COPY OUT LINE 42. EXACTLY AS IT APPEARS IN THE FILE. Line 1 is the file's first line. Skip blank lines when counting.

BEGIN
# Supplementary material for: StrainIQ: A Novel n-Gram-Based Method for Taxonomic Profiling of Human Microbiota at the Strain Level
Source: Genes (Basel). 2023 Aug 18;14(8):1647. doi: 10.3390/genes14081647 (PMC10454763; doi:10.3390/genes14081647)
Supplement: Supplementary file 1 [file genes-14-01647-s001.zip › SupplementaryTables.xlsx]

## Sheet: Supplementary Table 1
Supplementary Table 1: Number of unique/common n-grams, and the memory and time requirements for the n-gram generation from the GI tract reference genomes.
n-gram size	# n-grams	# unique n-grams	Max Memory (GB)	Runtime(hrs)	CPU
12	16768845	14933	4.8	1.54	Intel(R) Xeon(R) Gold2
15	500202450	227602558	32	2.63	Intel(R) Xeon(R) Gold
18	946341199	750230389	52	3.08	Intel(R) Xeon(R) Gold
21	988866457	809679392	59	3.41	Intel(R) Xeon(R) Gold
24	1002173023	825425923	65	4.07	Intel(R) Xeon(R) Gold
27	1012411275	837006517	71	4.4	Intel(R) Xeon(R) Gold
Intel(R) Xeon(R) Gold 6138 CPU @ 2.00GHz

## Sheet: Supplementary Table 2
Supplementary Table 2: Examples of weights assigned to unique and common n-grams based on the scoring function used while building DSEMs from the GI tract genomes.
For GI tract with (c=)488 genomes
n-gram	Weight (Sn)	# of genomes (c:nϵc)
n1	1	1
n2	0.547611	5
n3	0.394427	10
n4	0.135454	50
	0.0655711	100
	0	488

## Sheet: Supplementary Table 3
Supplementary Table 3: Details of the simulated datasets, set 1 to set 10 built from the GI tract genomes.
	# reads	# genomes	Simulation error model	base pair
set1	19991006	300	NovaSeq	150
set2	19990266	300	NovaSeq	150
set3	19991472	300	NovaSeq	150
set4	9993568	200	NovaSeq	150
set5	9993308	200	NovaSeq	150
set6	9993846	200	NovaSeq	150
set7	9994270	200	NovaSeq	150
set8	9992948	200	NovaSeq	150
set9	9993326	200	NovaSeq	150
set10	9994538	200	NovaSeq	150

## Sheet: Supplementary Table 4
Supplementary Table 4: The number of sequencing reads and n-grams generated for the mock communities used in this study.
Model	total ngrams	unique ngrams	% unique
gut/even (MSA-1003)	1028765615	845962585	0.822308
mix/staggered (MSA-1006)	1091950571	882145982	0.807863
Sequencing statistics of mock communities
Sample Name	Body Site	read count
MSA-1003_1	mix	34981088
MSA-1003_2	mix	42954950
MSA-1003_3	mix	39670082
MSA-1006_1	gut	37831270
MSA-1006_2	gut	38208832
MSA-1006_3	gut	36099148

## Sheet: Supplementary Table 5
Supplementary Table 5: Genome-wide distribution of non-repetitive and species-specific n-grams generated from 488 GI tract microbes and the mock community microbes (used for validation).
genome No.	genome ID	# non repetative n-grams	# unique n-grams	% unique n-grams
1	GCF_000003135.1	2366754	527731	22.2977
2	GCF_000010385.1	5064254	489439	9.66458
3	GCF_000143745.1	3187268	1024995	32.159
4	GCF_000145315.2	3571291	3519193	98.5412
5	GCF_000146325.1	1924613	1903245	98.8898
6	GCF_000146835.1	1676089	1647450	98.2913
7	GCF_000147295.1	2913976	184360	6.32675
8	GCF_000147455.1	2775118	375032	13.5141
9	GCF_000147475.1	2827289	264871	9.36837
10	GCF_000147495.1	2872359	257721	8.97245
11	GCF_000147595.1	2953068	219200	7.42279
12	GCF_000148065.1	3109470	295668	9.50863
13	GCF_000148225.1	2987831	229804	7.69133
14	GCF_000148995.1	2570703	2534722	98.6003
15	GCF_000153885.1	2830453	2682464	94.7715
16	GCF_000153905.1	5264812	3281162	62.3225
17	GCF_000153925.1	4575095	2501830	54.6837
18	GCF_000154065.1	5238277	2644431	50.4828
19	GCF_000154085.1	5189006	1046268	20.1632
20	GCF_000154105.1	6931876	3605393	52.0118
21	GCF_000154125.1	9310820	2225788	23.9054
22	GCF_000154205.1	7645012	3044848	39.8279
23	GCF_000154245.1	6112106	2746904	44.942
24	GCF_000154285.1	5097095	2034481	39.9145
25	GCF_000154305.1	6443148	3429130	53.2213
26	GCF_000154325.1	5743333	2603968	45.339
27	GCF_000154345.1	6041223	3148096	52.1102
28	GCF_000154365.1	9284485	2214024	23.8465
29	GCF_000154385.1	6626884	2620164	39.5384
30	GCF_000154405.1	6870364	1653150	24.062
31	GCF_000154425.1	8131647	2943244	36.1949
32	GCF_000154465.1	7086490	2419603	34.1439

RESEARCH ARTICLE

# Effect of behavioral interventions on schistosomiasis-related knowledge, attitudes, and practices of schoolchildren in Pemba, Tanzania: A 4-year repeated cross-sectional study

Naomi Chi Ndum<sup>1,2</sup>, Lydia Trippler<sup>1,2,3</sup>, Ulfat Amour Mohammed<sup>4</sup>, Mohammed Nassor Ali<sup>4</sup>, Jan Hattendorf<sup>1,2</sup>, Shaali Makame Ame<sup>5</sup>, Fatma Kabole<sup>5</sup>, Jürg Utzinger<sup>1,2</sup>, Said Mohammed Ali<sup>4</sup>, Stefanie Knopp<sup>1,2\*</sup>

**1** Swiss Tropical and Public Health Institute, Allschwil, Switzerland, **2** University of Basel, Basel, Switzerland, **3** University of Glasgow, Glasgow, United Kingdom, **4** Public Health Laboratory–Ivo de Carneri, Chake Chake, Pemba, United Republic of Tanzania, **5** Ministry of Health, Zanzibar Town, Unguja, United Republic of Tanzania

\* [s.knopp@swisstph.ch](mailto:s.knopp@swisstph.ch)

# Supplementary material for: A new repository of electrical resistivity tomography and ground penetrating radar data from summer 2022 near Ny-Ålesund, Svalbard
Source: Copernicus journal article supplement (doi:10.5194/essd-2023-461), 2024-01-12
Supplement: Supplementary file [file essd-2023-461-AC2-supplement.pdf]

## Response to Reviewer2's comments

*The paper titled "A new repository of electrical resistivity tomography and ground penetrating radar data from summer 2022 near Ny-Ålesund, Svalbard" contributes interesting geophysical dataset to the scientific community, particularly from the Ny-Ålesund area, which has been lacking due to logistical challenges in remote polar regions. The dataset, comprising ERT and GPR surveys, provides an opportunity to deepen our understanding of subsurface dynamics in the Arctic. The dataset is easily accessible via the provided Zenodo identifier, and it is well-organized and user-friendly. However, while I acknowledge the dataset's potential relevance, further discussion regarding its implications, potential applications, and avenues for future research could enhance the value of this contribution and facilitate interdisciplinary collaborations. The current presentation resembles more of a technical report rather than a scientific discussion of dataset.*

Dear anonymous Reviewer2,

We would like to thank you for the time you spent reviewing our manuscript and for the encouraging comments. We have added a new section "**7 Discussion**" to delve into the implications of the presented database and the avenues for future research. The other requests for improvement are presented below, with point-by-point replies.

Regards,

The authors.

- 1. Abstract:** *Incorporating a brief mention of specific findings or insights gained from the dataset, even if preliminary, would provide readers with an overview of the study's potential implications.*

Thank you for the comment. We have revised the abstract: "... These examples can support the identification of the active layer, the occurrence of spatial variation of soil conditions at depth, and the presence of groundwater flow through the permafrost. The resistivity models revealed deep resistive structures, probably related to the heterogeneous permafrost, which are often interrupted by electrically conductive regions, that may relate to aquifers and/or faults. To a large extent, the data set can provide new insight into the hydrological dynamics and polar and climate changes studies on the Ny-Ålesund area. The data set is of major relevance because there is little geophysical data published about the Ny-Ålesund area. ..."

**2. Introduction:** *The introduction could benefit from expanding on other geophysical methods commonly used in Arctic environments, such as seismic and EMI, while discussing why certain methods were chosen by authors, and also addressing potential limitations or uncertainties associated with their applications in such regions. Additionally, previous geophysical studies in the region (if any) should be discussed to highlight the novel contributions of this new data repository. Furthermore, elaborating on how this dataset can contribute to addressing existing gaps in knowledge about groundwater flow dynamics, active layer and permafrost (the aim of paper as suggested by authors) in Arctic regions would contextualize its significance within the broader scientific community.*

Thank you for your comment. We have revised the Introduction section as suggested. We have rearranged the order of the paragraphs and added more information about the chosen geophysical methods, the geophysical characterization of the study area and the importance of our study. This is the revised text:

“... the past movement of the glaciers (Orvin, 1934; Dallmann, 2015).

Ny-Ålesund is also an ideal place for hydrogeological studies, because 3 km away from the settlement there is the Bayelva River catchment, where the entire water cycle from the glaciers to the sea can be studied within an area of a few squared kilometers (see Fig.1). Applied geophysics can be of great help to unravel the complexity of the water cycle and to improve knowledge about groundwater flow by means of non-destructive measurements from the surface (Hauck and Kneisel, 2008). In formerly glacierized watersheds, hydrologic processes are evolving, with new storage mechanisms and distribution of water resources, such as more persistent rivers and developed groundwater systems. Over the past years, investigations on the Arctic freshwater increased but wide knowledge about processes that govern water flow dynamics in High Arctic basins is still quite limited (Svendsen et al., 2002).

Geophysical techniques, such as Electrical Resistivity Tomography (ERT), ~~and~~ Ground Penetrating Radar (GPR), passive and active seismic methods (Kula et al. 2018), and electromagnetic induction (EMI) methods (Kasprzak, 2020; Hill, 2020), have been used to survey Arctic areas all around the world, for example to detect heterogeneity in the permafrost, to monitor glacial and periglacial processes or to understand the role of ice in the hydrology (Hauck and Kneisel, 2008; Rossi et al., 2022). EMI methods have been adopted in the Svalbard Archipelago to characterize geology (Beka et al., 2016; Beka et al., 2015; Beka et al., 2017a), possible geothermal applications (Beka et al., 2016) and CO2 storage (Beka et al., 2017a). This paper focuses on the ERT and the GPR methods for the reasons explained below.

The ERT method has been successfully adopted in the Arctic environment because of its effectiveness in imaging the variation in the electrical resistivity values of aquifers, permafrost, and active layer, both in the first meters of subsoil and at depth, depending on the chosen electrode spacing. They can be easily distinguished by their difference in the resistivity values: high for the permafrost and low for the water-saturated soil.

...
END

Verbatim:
Sequencing statistics of mock communities